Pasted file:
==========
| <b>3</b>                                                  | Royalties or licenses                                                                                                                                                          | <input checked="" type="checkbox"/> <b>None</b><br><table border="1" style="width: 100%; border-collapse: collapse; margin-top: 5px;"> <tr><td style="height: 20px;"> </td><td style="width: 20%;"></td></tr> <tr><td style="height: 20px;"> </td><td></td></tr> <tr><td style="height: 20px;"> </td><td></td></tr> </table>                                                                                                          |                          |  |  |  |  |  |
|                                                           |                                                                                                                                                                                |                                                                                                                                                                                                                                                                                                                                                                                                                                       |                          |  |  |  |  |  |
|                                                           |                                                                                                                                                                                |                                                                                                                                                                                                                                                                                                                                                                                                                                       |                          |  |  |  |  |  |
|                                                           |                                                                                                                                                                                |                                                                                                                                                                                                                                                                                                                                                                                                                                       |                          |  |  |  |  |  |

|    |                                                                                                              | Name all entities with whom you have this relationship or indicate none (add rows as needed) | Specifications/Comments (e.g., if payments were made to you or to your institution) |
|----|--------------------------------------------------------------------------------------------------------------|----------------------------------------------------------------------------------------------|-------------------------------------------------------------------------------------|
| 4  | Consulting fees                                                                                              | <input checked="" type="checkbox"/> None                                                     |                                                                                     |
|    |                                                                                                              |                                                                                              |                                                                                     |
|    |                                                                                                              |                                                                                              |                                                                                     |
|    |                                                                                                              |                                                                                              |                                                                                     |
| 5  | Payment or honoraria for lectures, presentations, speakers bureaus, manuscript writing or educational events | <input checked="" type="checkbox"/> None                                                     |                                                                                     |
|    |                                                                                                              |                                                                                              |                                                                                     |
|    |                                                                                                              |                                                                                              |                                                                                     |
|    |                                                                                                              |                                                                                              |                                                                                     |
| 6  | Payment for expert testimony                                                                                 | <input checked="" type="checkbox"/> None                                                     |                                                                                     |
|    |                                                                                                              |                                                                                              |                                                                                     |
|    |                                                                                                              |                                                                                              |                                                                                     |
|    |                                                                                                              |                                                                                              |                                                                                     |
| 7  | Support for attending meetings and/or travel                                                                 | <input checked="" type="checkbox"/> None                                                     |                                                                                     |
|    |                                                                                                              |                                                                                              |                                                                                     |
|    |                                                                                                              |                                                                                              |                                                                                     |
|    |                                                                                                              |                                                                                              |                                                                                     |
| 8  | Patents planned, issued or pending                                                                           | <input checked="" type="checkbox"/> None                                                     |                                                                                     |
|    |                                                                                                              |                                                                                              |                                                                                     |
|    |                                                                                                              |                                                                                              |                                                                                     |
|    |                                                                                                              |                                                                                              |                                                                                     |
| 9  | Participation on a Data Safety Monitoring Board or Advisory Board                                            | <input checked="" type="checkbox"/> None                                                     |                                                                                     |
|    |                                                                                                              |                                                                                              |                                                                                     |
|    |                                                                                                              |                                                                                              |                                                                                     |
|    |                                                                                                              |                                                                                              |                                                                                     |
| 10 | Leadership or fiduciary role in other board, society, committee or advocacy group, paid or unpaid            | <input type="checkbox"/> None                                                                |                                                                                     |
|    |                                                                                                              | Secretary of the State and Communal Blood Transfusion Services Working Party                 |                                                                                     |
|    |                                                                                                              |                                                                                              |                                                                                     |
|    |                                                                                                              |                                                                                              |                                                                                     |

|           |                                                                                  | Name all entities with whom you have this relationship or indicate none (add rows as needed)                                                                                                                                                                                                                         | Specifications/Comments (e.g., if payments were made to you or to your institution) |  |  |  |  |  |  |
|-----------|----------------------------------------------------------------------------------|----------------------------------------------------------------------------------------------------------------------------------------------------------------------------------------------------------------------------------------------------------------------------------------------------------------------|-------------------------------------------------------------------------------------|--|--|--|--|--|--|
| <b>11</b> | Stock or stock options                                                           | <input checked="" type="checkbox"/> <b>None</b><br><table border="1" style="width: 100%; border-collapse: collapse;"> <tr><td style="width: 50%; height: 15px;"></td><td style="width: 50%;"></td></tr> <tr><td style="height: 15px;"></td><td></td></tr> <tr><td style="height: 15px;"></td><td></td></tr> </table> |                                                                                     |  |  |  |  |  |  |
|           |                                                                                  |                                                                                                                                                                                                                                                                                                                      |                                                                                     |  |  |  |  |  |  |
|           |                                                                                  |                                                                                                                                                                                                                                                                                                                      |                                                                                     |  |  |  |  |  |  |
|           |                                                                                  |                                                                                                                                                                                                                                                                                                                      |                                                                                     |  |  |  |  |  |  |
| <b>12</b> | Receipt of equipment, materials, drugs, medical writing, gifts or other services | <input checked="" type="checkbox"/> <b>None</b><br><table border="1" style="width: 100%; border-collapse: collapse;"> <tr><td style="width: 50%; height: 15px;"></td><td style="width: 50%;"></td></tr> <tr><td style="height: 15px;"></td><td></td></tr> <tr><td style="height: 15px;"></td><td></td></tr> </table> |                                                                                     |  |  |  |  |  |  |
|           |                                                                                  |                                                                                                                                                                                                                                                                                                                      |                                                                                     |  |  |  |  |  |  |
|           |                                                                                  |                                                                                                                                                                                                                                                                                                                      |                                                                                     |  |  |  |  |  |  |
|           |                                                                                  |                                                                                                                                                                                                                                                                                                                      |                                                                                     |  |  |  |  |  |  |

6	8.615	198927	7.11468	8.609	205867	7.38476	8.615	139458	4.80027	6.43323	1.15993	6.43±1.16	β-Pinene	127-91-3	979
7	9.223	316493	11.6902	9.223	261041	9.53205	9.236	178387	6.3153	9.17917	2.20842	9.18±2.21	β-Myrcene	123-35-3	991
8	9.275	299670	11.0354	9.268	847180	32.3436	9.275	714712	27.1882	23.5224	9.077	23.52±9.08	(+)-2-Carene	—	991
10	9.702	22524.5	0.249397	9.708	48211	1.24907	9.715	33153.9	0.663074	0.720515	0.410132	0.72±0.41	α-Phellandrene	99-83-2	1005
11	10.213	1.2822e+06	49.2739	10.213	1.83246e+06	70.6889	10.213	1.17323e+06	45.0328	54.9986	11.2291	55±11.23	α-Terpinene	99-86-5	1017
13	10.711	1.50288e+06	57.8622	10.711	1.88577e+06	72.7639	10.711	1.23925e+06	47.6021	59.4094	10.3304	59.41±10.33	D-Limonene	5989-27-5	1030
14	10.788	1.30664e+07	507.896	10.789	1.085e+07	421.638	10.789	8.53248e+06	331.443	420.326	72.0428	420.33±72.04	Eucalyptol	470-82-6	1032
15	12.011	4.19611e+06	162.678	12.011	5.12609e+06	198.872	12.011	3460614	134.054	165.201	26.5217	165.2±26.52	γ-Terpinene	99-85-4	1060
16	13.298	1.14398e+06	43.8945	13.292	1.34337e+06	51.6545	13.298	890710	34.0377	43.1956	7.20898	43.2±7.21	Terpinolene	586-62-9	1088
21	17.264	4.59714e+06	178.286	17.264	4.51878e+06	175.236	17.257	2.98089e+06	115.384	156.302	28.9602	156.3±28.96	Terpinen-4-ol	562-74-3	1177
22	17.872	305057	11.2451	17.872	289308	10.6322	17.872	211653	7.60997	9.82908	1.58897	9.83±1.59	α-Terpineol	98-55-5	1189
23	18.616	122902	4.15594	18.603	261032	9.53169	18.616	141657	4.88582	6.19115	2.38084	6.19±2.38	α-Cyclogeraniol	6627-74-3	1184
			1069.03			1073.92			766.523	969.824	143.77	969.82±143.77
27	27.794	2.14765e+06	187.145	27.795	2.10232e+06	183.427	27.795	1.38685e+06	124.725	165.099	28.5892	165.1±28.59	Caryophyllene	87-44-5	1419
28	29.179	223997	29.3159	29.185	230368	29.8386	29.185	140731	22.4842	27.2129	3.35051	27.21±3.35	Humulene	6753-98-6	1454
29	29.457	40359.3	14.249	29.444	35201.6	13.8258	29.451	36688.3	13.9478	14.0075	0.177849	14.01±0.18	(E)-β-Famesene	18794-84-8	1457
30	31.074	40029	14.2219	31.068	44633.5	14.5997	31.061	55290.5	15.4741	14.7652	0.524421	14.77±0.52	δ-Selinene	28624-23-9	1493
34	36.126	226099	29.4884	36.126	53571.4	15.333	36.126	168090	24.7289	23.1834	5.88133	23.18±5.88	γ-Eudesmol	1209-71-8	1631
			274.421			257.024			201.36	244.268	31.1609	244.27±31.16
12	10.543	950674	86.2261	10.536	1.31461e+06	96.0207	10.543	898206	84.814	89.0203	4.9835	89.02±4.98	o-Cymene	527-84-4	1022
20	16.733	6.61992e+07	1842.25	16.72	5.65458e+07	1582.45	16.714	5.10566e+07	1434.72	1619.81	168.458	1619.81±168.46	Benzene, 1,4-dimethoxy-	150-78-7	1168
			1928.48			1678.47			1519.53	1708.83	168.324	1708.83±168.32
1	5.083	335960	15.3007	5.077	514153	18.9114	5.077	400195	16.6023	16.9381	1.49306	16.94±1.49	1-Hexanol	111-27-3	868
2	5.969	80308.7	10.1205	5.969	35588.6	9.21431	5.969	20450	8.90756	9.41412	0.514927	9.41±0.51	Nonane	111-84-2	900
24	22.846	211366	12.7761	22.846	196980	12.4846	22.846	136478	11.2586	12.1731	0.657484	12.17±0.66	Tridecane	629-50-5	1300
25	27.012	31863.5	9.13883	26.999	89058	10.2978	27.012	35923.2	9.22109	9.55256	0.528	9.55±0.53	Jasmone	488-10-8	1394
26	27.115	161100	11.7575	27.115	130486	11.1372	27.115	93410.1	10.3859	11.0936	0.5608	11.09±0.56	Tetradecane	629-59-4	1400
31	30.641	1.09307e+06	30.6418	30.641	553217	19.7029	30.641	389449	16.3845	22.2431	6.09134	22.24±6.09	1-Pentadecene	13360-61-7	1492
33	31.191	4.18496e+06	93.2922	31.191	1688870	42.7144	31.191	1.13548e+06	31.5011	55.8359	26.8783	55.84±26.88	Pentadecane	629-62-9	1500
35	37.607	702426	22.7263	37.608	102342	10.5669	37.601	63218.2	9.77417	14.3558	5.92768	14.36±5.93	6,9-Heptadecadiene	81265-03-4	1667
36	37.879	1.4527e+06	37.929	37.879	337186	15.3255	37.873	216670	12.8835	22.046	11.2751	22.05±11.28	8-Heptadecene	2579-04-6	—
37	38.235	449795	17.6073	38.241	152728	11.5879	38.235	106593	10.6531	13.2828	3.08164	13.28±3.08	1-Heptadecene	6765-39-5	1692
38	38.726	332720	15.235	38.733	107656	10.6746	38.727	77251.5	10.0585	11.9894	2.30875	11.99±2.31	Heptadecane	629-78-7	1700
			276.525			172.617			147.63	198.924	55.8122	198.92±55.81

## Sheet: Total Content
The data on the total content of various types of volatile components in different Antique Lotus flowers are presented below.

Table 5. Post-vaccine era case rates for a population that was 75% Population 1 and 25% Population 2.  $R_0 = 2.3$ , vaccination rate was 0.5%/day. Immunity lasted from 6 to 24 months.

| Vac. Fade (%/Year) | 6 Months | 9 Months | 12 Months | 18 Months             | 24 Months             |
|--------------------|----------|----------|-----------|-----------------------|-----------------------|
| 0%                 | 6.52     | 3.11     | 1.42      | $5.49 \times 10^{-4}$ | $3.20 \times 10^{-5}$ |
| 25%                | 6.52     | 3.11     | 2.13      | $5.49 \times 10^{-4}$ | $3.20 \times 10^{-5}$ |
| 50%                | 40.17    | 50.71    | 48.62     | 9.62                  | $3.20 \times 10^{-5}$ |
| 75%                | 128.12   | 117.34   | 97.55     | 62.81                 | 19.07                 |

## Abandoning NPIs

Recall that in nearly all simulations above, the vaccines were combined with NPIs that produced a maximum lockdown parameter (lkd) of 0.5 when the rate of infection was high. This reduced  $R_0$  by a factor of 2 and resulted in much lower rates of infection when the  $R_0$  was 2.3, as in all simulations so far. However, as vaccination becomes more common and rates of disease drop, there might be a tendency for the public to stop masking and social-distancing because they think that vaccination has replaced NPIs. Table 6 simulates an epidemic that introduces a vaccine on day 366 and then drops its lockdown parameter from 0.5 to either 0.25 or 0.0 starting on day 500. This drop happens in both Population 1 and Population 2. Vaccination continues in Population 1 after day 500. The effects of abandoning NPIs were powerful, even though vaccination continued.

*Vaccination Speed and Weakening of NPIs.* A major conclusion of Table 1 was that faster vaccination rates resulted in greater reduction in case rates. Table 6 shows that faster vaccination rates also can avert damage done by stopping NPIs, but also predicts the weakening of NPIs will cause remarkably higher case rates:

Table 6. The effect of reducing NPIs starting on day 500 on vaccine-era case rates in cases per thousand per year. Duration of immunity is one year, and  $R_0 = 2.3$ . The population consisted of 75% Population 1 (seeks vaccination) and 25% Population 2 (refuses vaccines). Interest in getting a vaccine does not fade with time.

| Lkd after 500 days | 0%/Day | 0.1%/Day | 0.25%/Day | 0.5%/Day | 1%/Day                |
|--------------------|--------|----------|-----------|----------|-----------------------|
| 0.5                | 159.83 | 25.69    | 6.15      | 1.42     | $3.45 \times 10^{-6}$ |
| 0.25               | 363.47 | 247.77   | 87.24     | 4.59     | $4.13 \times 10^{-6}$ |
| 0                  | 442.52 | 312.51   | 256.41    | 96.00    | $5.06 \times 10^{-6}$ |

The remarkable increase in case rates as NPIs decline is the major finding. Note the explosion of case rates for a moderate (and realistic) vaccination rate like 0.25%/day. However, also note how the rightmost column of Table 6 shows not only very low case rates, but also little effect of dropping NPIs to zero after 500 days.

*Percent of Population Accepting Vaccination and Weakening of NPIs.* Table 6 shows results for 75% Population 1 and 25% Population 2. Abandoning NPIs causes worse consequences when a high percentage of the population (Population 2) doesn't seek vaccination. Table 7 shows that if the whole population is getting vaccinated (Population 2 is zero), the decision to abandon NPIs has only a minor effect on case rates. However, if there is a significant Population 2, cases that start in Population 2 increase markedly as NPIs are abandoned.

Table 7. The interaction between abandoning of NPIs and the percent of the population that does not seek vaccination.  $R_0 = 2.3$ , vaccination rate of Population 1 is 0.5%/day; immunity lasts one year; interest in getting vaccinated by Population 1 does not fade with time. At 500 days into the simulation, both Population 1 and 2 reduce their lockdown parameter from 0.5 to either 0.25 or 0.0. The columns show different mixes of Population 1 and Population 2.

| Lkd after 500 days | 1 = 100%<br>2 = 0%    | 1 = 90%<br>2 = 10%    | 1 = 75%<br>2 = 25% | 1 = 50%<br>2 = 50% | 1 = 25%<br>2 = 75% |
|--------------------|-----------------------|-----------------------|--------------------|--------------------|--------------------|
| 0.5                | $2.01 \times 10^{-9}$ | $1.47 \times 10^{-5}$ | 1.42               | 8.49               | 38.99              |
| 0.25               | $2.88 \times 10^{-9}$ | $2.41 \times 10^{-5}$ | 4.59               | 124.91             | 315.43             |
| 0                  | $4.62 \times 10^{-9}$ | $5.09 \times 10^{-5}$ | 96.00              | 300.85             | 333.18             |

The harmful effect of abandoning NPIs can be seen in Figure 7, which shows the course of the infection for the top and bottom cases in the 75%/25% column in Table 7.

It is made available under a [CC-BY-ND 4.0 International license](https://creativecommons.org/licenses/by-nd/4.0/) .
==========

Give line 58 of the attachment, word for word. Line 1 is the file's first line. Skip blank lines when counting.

27	27.794	2.14765e+06	187.145	27.795	2.10232e+06	183.427	27.795	1.38685e+06	124.725	165.099	28.5892	165.1±28.59	Caryophyllene	87-44-5	1419